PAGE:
JS Asynchronous Programming and Frequent Exam Interview Questions

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wang xiao bo

Published on Dec 12, 2021

5 min read

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1.The difference between concurrency and parallelism Asynchrony and the knowledge points in this section are actually not the same concept, but these two terms are indeed knowledge points that many people often confuse. In fact, the reason for the confusion may be that the two nouns are similar in Chinese, but they are completely different words in English.

Concurrency is a macro concept. I have task A and task B respectively. These two tasks are completed by switching between tasks within a period of time. This situation can be called concurrency.

Parallel is a micro concept. Assuming that there are two cores in the CPU, then I can complete tasks A and B at the same time. The situation where multiple tasks are completed at the same time can be called parallel.

2.async and await If a function is added with async, then the function will return a Promise

async function test() {
  return "1"
}
console.log(test()) // -> Promise {<resolved>: "1"}

Async is to wrap the return value of the function with Promise.resolve(), which is the same as processing the return value in then, and await can only be used with async

async function test() {
  let value = await sleep()
}

Async and await can be said to be the ultimate asynchronous solution. Compared with the direct use of Promise, the advantage is that the call chain of the then can be processed, and the code can be written more clearly and accurately. After all, writing a lot of then is also very disgusting, and can also Solve the callback hell problem gracefully. Of course, there are some shortcomings, because await transforms asynchronous code into synchronous code. If multiple asynchronous codes have no dependencies but use await, it will cause performance degradation.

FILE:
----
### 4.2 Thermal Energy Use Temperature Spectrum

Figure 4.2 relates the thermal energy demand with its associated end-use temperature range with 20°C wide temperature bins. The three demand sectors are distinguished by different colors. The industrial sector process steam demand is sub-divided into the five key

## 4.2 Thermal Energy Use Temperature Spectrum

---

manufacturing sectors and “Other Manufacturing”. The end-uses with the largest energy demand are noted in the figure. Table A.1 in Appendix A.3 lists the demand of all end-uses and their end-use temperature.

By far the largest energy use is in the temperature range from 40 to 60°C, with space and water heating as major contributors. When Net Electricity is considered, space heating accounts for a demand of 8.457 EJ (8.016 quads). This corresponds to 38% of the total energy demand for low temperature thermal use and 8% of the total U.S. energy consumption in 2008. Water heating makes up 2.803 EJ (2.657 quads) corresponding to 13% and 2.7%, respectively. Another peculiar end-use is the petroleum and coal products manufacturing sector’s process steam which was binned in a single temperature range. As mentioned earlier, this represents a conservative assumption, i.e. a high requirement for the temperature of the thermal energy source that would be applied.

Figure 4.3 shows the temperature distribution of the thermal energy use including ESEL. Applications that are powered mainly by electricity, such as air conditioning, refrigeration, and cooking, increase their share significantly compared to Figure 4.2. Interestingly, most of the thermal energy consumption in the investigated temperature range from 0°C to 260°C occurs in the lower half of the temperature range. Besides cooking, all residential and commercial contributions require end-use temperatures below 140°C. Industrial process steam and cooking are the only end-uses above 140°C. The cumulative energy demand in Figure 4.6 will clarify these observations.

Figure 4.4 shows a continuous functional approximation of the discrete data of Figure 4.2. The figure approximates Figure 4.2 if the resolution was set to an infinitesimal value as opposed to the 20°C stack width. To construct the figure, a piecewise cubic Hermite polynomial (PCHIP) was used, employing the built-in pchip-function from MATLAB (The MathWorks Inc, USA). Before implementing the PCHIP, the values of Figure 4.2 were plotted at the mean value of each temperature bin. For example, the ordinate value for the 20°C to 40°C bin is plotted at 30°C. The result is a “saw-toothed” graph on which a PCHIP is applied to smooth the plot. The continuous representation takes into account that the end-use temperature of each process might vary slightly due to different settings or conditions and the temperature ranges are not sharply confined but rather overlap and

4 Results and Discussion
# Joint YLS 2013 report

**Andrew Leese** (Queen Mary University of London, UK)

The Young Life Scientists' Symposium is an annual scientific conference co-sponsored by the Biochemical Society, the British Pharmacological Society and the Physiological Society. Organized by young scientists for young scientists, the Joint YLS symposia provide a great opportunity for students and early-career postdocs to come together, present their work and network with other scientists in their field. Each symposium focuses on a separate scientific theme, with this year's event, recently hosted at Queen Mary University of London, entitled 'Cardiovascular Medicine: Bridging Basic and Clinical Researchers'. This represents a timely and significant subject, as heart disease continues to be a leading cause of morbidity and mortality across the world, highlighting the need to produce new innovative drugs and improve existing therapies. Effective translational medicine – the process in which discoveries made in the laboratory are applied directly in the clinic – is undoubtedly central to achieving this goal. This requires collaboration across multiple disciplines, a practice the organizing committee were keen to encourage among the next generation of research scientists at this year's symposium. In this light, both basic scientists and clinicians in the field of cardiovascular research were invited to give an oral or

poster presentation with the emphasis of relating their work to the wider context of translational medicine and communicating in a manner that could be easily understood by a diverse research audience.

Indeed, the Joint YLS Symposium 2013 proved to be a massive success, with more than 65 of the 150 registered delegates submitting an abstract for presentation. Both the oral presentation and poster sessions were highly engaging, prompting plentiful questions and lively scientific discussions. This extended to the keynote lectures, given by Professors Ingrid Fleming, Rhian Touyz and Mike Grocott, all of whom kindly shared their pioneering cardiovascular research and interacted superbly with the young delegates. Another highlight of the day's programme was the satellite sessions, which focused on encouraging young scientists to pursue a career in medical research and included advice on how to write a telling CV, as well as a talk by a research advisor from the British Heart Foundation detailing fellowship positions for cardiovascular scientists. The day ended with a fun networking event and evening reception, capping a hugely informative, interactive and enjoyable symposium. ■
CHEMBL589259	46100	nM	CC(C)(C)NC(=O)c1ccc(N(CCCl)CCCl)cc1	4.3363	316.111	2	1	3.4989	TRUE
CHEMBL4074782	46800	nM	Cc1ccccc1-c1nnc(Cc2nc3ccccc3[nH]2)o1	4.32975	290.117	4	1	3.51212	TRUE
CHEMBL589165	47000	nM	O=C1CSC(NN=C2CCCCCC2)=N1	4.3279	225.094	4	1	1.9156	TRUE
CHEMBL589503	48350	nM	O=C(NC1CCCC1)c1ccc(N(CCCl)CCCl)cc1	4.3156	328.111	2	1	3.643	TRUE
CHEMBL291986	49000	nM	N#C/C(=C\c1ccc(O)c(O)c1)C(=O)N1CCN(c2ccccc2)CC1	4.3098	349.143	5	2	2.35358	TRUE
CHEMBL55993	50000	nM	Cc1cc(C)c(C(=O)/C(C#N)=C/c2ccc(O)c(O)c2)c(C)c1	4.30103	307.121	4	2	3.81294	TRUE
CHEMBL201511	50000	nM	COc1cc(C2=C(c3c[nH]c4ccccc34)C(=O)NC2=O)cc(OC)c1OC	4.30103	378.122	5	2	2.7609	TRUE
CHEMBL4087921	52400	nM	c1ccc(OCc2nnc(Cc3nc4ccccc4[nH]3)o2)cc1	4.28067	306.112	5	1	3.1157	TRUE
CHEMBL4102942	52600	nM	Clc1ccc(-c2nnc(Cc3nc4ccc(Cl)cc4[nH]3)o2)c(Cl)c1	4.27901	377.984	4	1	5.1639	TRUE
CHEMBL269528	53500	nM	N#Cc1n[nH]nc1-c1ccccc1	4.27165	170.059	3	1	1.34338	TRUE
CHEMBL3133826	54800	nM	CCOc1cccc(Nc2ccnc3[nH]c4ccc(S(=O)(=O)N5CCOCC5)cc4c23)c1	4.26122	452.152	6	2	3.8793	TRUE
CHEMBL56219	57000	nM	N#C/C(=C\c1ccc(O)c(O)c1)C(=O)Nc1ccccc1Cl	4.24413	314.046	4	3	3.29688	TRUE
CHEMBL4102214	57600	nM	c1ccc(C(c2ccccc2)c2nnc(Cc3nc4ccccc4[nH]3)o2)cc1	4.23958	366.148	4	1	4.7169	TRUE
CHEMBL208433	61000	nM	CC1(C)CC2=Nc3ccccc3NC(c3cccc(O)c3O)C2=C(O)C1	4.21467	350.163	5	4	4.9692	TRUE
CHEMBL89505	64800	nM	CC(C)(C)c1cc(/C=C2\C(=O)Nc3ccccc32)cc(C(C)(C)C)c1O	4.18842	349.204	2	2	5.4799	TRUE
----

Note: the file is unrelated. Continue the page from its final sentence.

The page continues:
async function test() {
// If the following code has no dependencies, you can use Promise.all
// If there is a dependency, it is actually an example of solving the callback hell
await fetch(url)
await fetch(url1)
await fetch(url2)
}

Let's look at an example of using await:

let a = 0
let b = async () => {
  a = a + await 10
  console.log('2', a) // -> '2' 10
}
b()
a++
console.log('1', a) // -> '1' 1

You may have doubts about the above code, let me explain the reason -First, the function b is executed first. Before the execution to await 10, the variable a is still 0. Because await implements a generator internally, the generator will keep things in the stack, so at this time a = 0 is saved

-Because await is an asynchronous operation, if the subsequent expression does not return a Promise, it will be wrapped into Promise.reslove (return value), and then the synchronous code outside the function will be executed

-After the synchronous code is executed, the asynchronous code will be executed, and the saved value will be used. At this time, a = 0 + 10

The above explanation mentioned that await implements a generator internally. In fact, await is the syntactic sugar of generator plus Promise, and an automatic generator is implemented internally. If you are familiar with co, you can actually implement such syntactic sugar yourself.